In our professional practices, we naturally begin our engagements by asking new clients what they want us to do for them. We do the same as Exit Planners: we ask owners what their objectives are, and then determine whether they have the resources they need to accomplish them. If there is a gap between objectives and resources, we create and execute a plan to close that gap.
Some owners approach us with broad requests such as “I’d like to exit my business in five years with financial security. Can you help me?” That statement may sound specific—five years and financial security—but to address it, we must tackle a cornucopia of issues, such as growing and protecting business value, minimizing taxes, choosing the best successor (e.g., child, employee, ESOP, an outside third party, etc.), ensuring business continuity should an owner die before the planned exit, estate planning, and much more. For owners with broad requests we deploy a comprehensive approach: BEI’s Seven Step Exit Planning Process.
The issues in the list of issues above are just the tip of the Exit Planning iceberg. Tackling them all at once could cause “owner overload.” So, taking a cue from phased planning, the advisor and owner identify a few planning issues to deal with first. This is the first phase of the owner’s plan and might take several months to complete before you are able to move on to the next phase.
For example, if an advisor finds that an owner is most concerned with growing business value, that’s the area to focus on first. If that owner is also disturbed about what could happen to the business if he died or became disabled, advisors can include Business Continuity as part of the initial planning phase. Advisors meet owners where they are, rather than march in lockstep through each of the steps in the BEI Seven Step Exit Planning Process.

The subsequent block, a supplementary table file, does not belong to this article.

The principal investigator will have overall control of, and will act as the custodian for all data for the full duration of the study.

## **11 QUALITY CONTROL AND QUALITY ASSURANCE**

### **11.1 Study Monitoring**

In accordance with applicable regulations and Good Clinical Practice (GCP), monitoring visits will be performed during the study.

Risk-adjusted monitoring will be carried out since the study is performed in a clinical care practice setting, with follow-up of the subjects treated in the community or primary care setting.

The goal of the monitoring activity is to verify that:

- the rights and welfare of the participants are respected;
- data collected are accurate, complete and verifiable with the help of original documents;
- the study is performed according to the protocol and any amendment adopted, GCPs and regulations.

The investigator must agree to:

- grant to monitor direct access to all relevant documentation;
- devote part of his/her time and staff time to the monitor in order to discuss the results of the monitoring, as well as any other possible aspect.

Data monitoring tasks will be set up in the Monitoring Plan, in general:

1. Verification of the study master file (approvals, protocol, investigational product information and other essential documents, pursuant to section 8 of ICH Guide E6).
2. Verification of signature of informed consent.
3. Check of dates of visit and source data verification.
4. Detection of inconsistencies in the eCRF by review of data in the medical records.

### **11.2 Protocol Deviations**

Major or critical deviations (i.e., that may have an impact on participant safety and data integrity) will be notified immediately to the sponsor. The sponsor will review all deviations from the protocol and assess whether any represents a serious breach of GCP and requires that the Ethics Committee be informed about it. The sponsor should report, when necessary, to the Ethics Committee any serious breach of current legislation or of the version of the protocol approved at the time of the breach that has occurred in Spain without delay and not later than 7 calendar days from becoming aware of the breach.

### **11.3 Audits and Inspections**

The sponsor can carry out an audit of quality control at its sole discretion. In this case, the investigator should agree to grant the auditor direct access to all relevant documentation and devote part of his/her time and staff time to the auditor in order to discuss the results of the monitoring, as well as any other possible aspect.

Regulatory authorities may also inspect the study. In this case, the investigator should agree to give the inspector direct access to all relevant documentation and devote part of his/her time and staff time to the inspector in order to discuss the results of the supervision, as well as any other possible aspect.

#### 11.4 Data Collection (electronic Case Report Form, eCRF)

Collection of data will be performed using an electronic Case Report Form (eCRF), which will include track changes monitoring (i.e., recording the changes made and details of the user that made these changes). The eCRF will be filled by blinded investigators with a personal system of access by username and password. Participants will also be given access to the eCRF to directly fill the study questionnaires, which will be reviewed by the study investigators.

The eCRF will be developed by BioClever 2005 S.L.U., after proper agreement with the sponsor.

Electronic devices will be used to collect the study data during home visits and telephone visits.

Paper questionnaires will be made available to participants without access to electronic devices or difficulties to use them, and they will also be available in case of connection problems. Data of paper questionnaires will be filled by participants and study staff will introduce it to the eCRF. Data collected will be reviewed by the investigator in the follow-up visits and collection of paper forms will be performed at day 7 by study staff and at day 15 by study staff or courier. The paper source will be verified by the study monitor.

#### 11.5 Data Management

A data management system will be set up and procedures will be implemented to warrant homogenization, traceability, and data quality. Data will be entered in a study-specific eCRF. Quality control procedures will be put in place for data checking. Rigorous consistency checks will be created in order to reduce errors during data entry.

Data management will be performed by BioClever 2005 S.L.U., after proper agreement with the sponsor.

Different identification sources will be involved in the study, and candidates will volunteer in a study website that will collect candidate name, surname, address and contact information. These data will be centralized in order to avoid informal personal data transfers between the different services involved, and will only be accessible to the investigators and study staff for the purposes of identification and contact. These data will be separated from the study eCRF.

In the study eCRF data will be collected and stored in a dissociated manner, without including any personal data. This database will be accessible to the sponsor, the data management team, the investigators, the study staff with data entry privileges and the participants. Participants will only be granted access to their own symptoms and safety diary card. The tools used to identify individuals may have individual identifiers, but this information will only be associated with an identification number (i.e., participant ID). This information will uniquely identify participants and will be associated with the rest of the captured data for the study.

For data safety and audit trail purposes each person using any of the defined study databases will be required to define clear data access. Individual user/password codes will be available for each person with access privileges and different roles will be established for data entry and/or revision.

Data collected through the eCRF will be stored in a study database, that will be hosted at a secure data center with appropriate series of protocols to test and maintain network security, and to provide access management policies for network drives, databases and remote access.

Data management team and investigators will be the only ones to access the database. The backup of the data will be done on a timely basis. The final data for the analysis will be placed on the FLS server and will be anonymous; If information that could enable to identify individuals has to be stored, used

Closing the Gap
While meeting with one of her advisors, owner Chris Welch brought up her wish to exit her business in six years. The advisor (trained in Exit Planning) asked Chris a number of questions and involved Chris’s financial planner and a valuation expert to determine the value of both her current resources and her business. Using that information, the advisor met again with Chris to explain that, based on the current value of her business and resources, there was a resource gap between the likely value of her company in five years and the post-exit lifestyle she wished to enjoy, of approximately $3 million.
The advisor talked with Chris about many of the strategies they could implement over the next six years to close that gap. Chris quickly recognized the need for a plan. She only decided to engage her advisor, however, when he noted that her business would likely fail and her estate would be worthless if, given the absence of both a strong management team and continuity planning, she became disabled or died.
Chris gave her advisor the go-ahead to create a plan but wanted to address the management team and continuity issues immediately. Her advisor promised that he and the rest of her planning team would recommend and implement several strategies designed to ensure business continuity—one of which would be to find, motivate, and retain top-notch management—before they tackled other Exit Planning issues identified at the beginning of the Exit Planning Process.
As Chris’ story illustrates, successful Exit Planning Advisors recruit a team of advisors and draw upon their expertise to respond to their clients’ most pressing needs. They then proceed according to the owner’s priorities rather than according to a step-by-step comprehensive Exit Planning Process.
Exit Planning, especially in more involved situations, is often facilitated by using a phased approach in which an owner’s most pressing concerns are dealt with first. Subsequent phases address the balance of the Exit Planning recommendations.